The physical and mental characteristic peculiarities that are displayed in the dog’s reactions are referred to as its temperament. Understanding the dog’s temperament is the key in producing willingness (the desire to act), response (the amount of time involved to act), and attention to duty (the required performance of the act).
Five basic temperaments are found in dogs: (1) THE FEAR BITER, (2) THE SHY DOG, (3) THE OUTGOING DOG, (4) THE AGGRESSIVE DOG, and (5) THE VICIOUS DOG. To be sure, there is an unlimited number of variations within these temperaments, as well as problems such as compulsive barking, chewing, crying, sympathy lameness, etc., that may be found within any temperament.
I would not accept vicious dogs in my classes for these reasons: The vicious dog displays extremes in behavioral sensitivity. Forever unruly and dangerous, he attacks without cause, reacts without reason and therefore is a detriment to his breed, his owners and society. Do not confuse the fear biter temperament with that of the shy dog. This fellow is hypersensitive with neurotic, cowardly, inconsistent and anti-social behavior traits. He displays dramatic shifts in disposition, is frivolous and capable of ill-considered acts. The physical activities are either excitably energetic or low keyed to the point of retardation. Impulsive and immature, he remains unteachable. Whether the fault is mental or physical, it shall remain. For the dog’s own welfare and those who would love him re- gardless of faults, it is the humane individual who would have him put to sleep. To those whose innermost feelings forbid such action, the responsibility would be to neuter the dog and protect society from it and it from society.
A pleasure to own and a privilege to train is the dog with the outgoing temperament. The percentage of dogs trained with this temperament is naturally lower than any other as it presents fewer problems. The overall attitude of the dog is harmonious with life in general. He is accommodative, compatible, makes good adjustment to daily annoyances and has the desire to please all. Tolerance of others and acceptance of environments and rules come easily to this willing fellow. Yet, because of these trusting, stable traits many owners of such dogs are displeased, feeling their dogs offer little in protective ability. Few realize that as the dog matures and the bonds of affection grow, he would not tolerate mistreatment of his loved ones.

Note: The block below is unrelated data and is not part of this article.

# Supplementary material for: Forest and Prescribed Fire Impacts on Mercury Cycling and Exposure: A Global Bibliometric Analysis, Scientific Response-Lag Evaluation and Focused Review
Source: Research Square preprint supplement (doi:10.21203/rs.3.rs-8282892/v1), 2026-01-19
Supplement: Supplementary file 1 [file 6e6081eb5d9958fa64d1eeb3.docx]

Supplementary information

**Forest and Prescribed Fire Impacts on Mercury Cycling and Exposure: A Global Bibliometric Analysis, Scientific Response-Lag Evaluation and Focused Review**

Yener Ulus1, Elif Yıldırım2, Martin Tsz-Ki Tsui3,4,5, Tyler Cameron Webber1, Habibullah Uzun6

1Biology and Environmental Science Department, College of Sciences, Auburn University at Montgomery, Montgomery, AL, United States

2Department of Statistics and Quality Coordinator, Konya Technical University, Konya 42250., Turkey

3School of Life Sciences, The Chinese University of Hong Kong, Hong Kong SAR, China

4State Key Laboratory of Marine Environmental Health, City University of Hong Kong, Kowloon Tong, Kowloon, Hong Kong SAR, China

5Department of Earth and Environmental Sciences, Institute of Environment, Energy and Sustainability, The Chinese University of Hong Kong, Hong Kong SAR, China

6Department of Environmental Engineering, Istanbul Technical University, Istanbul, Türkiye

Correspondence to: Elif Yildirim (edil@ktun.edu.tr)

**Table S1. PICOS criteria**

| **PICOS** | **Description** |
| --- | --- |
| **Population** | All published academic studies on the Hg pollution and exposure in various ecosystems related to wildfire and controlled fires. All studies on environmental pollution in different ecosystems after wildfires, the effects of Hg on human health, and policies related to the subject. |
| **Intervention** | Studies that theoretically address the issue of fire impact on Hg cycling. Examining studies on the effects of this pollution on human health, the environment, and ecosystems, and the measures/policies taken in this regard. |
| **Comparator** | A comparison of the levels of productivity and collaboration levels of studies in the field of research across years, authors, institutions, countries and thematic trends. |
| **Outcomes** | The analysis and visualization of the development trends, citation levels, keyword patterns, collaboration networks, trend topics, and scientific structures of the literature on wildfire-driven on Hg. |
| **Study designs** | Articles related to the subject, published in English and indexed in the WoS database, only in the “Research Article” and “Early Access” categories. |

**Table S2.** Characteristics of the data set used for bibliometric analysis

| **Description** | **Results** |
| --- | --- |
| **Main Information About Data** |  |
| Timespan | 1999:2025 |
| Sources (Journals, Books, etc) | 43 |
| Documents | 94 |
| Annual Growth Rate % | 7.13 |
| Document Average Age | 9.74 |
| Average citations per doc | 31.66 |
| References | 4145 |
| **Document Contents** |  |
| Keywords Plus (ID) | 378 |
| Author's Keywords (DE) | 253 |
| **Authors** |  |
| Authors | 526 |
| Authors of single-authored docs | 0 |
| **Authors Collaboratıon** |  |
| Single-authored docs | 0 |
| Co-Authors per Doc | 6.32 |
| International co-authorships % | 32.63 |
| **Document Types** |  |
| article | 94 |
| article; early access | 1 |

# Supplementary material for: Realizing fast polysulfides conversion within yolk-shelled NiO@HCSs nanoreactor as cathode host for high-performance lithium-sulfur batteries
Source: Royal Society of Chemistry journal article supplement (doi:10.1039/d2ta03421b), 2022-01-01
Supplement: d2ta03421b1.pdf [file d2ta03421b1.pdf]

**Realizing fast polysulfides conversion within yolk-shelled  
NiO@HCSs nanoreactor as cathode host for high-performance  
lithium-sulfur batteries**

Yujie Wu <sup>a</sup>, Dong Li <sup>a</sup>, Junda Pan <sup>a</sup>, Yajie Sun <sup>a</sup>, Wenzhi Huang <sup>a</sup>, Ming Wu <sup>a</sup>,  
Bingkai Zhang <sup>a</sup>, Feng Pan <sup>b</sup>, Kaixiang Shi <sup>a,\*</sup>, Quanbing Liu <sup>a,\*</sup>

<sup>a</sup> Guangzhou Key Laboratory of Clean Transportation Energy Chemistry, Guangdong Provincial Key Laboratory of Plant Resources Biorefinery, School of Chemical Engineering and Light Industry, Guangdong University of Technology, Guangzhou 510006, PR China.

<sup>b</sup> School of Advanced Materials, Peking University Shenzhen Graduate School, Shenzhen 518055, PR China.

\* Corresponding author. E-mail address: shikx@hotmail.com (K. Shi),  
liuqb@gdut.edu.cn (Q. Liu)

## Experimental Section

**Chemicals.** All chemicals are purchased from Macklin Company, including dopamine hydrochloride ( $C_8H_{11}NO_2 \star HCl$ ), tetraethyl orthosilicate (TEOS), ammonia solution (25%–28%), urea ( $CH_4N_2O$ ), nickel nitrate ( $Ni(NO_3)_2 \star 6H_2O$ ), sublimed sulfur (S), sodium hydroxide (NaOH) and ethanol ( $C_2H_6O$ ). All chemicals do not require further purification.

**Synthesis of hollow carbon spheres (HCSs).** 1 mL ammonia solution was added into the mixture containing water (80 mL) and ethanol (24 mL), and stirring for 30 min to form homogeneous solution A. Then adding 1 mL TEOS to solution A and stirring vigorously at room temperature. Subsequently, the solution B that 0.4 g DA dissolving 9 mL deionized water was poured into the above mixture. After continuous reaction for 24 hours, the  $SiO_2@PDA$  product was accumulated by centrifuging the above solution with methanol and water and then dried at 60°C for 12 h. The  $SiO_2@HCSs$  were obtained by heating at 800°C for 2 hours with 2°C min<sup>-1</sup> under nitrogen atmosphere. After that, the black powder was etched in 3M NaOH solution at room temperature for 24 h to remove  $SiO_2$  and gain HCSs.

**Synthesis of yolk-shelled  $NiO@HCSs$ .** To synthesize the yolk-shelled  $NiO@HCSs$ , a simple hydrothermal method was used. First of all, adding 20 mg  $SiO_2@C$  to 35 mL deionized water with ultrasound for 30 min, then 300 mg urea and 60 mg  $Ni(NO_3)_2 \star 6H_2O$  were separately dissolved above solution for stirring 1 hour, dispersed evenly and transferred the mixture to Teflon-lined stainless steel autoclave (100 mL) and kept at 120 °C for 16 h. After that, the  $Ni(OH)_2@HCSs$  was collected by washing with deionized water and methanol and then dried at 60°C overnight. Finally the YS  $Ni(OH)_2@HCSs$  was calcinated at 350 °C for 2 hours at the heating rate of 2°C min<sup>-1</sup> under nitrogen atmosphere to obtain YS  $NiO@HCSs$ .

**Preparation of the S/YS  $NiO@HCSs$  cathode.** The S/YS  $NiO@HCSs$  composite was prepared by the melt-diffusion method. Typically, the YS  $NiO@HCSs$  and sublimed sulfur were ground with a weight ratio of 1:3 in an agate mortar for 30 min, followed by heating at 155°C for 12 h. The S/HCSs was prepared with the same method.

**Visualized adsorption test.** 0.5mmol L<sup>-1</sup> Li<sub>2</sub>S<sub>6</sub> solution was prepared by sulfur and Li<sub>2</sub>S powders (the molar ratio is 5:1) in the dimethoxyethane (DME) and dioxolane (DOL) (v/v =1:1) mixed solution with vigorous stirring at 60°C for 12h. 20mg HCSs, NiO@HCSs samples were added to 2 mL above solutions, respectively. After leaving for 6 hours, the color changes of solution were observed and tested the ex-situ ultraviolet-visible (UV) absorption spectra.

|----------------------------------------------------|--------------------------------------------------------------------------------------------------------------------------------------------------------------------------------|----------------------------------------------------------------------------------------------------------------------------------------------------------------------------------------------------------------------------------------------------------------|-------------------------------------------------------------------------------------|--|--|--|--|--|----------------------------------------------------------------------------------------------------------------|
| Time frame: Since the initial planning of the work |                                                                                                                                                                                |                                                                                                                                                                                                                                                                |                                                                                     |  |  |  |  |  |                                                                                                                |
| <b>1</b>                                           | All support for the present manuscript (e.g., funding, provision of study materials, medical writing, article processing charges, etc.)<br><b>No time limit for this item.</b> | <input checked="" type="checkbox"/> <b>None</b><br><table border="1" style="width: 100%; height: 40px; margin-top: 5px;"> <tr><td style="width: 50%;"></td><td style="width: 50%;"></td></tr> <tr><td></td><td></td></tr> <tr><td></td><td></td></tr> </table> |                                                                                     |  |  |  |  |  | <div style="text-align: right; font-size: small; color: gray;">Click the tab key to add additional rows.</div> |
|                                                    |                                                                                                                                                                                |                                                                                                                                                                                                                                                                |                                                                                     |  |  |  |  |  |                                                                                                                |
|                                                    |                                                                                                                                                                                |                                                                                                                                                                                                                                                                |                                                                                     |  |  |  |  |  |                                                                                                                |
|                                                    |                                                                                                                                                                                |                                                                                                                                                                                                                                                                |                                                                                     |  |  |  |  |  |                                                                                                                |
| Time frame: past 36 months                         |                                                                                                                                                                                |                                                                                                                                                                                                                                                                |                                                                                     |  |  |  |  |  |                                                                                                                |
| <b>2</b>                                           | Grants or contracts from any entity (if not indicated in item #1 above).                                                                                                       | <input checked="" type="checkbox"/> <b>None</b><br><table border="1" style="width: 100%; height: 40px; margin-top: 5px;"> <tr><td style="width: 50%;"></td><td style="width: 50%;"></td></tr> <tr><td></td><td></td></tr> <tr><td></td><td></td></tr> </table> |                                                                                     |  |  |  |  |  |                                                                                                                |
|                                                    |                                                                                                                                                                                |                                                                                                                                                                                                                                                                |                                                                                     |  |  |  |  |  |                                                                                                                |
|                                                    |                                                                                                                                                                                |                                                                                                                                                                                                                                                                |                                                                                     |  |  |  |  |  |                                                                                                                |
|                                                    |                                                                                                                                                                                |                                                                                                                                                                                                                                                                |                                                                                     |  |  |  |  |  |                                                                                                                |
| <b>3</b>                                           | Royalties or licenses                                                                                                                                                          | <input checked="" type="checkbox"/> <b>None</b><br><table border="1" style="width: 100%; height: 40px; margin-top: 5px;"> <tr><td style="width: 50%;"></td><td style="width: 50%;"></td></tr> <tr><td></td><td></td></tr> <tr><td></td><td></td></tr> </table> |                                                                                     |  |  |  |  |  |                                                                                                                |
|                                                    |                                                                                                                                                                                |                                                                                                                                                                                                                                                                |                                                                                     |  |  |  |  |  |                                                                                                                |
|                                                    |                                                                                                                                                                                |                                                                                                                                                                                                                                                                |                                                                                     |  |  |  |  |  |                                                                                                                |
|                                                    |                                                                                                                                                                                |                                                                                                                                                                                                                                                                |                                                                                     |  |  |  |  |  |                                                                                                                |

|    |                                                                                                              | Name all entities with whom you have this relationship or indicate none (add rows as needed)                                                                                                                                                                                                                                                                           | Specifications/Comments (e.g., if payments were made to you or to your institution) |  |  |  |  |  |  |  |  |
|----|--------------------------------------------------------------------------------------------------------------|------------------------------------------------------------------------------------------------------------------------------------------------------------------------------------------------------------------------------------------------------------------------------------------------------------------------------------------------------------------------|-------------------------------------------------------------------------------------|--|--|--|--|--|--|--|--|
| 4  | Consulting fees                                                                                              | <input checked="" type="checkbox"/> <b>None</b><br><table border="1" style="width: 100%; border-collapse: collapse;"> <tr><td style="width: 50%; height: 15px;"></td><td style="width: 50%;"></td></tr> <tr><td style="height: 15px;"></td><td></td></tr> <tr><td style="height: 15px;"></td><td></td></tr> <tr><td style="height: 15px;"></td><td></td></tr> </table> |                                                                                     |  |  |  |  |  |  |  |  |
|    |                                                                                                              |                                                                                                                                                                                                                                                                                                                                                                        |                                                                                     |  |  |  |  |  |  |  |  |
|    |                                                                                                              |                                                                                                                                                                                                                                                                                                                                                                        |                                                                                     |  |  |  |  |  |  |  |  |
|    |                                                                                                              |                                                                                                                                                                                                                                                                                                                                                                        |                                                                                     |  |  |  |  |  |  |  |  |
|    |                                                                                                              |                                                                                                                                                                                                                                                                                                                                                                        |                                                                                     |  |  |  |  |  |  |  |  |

Never lacking of effort and having little regard for fear is the protector of all, the aggressive dog. Impulsive, with his belligerent, quarrelsome manner, he intimidates and challenges when and wherever possible. It’s not unusual to find the dog’s handler afraid to reprimand him due to his arrogant behavior. This dog, however, respects and reacts to the handler who is prepared and quick to correct the first time. Should the handler ignore developing problems with this fellow, he will indeed be sorry. Aggressive, yes, but flexible, controllable and capable of improving his behavior traits and well worth the effort.
The shy dog, with its loved ones at home, displays a love for life, is happy and outgoing and needs little encouragement for fun and play. To passersby of its enclosed fence, it appears aggressive and to those who taunt and tease, vicious. Away from its home environment the dog becomes timid, sensitive, flighty, unpredictable and easily upset. In training classes the dog is attentive to its owner and alert to any and all movements and sounds. Praise and encouragement are the key in overcoming the dog’s lack of confidence and suspicious nature. If babied with voice or leash the dog exaggerates its sensitivities to the degree that it becomes emotionally unstable. If strong corrections are applied, neurotic tendencies appear and the dog becomes unapproachable and aggressive. The shy dog is teachable, flexible and capable of learning through exposure, provided its handler does not pressure it to extremes.
By understanding temperament, I believe 95% of the senseless harsh treatment dogs receive in obedience classes can be avoided. Successful training is possible only when a compatible relationship exists between handler and dog. The premise on which this relationship is built is knowing the dog’s temperament.